Lauryn Hill only wanted to make honest music.
“There’s too much pressure to have hits these days. Artists are watching Billboard instead of exploring themselves,” she once said, discussing her groundbreaking release The Miseducation of Lauryn Hill. “I wanted to make honest music. I don’t like things to be too perfect, or too polished. People may criticize me for that, but I grew up listening to Al Green and Sam Cooke. When they hit a high note, you actually felt it.”
Seventeen years ago Tuesday, Hill was poised to build an artistic empire that would have changed the future of R&B forever. With the power of one record she did end up rerouting the genre, but that honest album catapulted her into the center of an alien world of musical celebrity. The chaos that followed all but forced her to withdraw from public life; rumors that she had lost her mind, become a staunch racist and joined a cult followed her into silence. Swept into the vortex of fame and fortune, she couldn’t find the balance to become a leader in the space. While she’s gradually starting to do more shows and has recorded new music, we have yet to hear another studio album in nearly two decades.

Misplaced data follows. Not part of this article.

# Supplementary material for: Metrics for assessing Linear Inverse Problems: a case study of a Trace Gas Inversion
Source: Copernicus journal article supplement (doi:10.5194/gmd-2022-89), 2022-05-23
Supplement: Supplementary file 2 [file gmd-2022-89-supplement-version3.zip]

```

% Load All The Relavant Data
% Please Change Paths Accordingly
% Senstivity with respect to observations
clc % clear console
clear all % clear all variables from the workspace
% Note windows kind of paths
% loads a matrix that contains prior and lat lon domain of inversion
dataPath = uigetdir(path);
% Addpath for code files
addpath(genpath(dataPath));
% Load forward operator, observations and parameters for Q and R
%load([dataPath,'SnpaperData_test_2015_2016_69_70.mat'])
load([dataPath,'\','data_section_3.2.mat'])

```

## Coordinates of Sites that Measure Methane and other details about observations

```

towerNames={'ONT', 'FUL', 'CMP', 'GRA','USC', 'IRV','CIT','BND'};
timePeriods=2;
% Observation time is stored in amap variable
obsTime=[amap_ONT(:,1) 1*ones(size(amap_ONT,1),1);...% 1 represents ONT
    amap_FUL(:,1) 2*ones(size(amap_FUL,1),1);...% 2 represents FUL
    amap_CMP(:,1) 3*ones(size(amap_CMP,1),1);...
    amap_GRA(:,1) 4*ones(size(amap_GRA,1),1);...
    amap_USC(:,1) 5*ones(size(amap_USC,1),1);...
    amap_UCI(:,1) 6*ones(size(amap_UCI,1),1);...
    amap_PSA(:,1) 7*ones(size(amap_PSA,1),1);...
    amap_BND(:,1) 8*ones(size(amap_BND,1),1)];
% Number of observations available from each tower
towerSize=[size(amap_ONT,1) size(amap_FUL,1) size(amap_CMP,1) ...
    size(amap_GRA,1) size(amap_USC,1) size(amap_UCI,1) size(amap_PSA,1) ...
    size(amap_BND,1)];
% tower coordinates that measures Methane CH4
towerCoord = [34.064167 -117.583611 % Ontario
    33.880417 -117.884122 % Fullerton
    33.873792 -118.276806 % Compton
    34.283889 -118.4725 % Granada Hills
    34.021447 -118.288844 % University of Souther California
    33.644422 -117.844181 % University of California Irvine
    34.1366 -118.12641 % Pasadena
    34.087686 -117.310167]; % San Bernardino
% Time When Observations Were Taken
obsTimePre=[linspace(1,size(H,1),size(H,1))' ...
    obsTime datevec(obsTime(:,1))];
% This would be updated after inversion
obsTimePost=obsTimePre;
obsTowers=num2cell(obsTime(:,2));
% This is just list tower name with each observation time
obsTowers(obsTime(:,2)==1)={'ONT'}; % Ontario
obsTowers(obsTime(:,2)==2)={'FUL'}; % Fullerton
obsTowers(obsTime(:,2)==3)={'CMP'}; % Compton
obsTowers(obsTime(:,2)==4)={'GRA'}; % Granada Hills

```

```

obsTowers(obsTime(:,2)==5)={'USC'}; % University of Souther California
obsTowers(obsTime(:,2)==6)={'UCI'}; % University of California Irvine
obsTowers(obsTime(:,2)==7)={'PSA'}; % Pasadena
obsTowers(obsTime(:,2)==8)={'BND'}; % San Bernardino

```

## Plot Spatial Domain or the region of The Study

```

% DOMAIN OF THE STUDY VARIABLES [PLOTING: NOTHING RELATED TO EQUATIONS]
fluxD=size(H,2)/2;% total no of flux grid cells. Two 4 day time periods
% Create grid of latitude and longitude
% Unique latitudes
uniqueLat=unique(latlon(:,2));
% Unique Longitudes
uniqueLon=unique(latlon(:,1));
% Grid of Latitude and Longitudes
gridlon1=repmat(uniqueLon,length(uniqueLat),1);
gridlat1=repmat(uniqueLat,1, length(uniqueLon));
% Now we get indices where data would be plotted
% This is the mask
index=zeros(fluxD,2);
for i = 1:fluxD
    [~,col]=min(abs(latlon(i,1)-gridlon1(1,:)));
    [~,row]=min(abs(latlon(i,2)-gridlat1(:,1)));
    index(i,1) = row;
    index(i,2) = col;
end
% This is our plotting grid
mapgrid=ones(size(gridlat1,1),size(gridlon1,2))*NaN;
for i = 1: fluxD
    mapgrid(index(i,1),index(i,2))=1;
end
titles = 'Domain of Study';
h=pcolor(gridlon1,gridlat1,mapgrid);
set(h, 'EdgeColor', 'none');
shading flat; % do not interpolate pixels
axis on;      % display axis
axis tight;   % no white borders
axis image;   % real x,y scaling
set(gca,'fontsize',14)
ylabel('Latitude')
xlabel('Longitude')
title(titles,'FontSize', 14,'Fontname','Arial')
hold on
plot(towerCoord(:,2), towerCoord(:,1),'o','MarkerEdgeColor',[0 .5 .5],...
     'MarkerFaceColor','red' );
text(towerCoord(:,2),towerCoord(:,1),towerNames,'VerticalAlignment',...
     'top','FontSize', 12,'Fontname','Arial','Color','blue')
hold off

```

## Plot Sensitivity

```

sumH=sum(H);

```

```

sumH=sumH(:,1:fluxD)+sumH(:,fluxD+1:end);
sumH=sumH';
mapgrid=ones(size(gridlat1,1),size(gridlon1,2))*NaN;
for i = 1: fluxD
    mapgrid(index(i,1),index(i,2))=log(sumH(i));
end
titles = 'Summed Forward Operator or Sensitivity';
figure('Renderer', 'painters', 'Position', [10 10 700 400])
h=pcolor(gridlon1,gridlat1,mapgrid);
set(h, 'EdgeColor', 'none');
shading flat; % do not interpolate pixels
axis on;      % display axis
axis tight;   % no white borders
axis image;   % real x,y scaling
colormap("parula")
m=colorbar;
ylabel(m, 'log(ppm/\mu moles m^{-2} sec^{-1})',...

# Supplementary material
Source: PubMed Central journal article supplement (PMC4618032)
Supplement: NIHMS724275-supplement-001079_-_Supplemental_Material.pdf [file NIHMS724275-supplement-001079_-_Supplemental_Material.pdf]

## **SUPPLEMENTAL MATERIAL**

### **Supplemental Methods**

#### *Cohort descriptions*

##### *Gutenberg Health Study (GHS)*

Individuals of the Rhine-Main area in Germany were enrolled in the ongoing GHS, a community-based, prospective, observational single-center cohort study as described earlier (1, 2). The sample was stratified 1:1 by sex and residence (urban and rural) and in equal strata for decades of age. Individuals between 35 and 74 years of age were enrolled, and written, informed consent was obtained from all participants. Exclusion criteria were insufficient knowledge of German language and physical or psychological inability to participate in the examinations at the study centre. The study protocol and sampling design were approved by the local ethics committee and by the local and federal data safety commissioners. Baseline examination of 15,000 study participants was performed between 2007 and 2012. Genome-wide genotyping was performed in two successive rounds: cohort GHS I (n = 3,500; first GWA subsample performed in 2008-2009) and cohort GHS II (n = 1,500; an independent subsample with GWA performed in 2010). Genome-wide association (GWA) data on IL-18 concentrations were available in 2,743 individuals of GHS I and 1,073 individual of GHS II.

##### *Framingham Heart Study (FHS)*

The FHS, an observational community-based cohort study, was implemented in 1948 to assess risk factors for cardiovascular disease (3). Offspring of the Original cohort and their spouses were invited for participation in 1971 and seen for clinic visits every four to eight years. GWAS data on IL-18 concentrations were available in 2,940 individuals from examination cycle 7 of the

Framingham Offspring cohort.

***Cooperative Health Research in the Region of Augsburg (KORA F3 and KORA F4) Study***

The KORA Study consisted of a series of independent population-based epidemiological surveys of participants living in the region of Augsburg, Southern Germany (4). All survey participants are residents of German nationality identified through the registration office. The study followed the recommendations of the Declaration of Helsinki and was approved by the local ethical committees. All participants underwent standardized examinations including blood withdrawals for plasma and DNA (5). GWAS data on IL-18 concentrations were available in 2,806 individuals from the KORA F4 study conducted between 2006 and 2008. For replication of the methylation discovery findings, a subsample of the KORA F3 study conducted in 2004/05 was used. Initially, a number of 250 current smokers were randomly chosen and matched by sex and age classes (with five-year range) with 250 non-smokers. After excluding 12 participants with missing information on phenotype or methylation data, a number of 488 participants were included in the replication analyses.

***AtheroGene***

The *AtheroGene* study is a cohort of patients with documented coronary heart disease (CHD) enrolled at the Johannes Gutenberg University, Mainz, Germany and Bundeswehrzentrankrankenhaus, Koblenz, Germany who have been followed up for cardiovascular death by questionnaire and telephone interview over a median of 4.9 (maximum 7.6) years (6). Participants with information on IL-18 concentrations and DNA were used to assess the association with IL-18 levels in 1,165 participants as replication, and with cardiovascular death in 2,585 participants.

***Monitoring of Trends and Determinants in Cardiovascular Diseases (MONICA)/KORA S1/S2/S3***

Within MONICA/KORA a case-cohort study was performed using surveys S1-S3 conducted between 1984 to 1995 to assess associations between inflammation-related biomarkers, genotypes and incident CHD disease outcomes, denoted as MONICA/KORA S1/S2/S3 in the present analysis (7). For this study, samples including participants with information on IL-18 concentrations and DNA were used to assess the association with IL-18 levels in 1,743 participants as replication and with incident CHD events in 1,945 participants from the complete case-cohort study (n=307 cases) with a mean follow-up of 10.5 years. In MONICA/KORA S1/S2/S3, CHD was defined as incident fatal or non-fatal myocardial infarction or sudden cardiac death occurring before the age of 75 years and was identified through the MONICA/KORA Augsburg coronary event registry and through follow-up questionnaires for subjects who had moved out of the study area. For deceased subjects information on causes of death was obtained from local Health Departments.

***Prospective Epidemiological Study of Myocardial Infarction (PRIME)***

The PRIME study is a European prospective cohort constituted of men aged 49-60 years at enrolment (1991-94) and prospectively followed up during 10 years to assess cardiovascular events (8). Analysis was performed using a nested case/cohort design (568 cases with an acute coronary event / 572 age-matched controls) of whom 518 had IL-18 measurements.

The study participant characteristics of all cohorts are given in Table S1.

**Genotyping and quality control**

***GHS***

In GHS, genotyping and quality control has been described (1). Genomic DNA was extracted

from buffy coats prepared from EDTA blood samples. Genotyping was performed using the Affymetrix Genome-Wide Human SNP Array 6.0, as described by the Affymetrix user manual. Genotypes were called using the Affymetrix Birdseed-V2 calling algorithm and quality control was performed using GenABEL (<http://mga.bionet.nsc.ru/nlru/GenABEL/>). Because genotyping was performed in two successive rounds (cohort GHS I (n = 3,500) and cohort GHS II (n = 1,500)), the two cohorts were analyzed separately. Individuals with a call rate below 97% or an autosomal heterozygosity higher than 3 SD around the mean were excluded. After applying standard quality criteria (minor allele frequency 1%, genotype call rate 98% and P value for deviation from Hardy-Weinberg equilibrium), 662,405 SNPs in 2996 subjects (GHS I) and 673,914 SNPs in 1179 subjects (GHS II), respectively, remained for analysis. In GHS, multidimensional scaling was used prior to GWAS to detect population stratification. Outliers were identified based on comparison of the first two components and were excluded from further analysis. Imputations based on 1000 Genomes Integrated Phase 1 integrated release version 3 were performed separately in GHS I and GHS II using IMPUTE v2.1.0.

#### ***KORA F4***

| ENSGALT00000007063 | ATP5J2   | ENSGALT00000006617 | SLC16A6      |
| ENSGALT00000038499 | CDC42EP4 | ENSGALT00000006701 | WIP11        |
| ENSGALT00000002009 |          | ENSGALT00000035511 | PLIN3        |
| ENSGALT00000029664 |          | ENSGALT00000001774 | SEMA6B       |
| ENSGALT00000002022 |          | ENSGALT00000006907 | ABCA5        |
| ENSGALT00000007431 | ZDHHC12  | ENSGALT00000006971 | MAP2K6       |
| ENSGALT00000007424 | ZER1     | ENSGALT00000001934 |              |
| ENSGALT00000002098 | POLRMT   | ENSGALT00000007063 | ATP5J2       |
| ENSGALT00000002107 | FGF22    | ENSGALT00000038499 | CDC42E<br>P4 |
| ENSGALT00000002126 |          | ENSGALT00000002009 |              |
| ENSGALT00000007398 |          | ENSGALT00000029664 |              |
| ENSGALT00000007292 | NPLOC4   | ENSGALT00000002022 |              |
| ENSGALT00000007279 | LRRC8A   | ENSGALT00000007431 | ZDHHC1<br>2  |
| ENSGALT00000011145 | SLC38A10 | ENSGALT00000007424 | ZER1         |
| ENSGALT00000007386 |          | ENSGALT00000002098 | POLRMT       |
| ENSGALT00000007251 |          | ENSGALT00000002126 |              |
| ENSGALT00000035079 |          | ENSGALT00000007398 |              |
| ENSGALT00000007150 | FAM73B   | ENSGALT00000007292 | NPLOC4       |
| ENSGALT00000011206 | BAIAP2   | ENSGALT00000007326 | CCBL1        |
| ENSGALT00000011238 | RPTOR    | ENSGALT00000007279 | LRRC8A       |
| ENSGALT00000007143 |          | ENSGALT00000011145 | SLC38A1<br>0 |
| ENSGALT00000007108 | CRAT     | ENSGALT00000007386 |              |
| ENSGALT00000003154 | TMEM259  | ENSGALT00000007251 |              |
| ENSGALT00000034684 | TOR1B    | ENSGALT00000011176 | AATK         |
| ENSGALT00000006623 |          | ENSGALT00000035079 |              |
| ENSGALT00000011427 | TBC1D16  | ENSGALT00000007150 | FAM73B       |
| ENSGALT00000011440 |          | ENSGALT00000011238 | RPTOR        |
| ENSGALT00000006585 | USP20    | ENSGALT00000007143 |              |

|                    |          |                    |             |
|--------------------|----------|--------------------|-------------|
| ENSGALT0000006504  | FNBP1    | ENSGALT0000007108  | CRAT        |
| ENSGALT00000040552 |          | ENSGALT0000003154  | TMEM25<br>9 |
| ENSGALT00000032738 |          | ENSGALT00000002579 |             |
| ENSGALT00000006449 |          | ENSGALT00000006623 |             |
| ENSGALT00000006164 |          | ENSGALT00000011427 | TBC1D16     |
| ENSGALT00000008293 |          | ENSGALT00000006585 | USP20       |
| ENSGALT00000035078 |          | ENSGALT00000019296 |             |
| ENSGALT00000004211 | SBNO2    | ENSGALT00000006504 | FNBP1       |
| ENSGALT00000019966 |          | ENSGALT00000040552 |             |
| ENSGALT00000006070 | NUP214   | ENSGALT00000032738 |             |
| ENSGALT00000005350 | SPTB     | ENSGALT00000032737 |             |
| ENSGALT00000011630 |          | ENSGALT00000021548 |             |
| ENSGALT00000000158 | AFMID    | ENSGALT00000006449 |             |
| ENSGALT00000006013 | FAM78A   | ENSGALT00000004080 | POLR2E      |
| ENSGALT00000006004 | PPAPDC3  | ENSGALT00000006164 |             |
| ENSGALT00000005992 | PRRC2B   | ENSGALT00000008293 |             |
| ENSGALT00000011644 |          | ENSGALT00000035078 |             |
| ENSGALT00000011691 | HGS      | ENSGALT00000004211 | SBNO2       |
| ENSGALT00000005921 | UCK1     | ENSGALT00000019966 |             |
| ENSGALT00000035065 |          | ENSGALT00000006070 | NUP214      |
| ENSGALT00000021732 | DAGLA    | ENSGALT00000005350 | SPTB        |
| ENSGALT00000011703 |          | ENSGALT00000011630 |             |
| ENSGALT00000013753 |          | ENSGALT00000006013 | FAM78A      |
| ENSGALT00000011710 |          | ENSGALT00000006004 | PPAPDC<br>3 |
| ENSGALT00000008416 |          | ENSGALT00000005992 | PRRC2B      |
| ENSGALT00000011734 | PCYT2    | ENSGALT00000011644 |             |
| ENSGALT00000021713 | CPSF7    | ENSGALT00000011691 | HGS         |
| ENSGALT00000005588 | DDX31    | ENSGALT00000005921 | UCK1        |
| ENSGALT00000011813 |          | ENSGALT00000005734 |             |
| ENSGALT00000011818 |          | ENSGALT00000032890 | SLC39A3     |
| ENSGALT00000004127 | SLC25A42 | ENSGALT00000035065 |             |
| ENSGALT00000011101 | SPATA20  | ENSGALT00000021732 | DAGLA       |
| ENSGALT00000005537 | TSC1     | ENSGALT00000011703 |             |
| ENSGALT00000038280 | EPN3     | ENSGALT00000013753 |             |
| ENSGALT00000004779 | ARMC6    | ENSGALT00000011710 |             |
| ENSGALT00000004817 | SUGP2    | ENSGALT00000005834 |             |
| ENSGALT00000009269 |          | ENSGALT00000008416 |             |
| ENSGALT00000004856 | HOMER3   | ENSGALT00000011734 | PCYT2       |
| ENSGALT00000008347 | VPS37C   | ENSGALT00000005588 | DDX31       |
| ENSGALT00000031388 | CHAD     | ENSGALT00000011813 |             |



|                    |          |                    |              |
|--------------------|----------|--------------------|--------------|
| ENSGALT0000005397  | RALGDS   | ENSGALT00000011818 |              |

But we still have Miseducation — one of the most undeniably powerful statements of modern R&B the world has ever heard.
The impact: Without even trying, Hill ended up creating one of the most critically and commercially successful albums of her day. An album’s numbers can’t always illustrate its impact, but in this case they do: The first week out it sold more than 420,000 copies, breaking the first week sales record for female artists. It went eight times platinum, receiving rave reviews wherever it landed. Come Grammy time, it was nominated for 10 awards and won five, making Hill the first woman to achieve either feat. It also became the first hip-hop album to win Album of the Year, introducing the genre’s stylings to a much wider audience.
The organic instrumentation and heartfelt lyricism has become the highest standard of excellence for so many of our greatest songwriters — including Beyoncé, Adele, Drake, Kanye West, and D’Angelo. “Lauryn had that blend of toughness and soulfulness, melody and swagger,” John Legend told Rolling Stone in 2008. “She did it better than anybody still has done it. People are still trying to capture that moment.”
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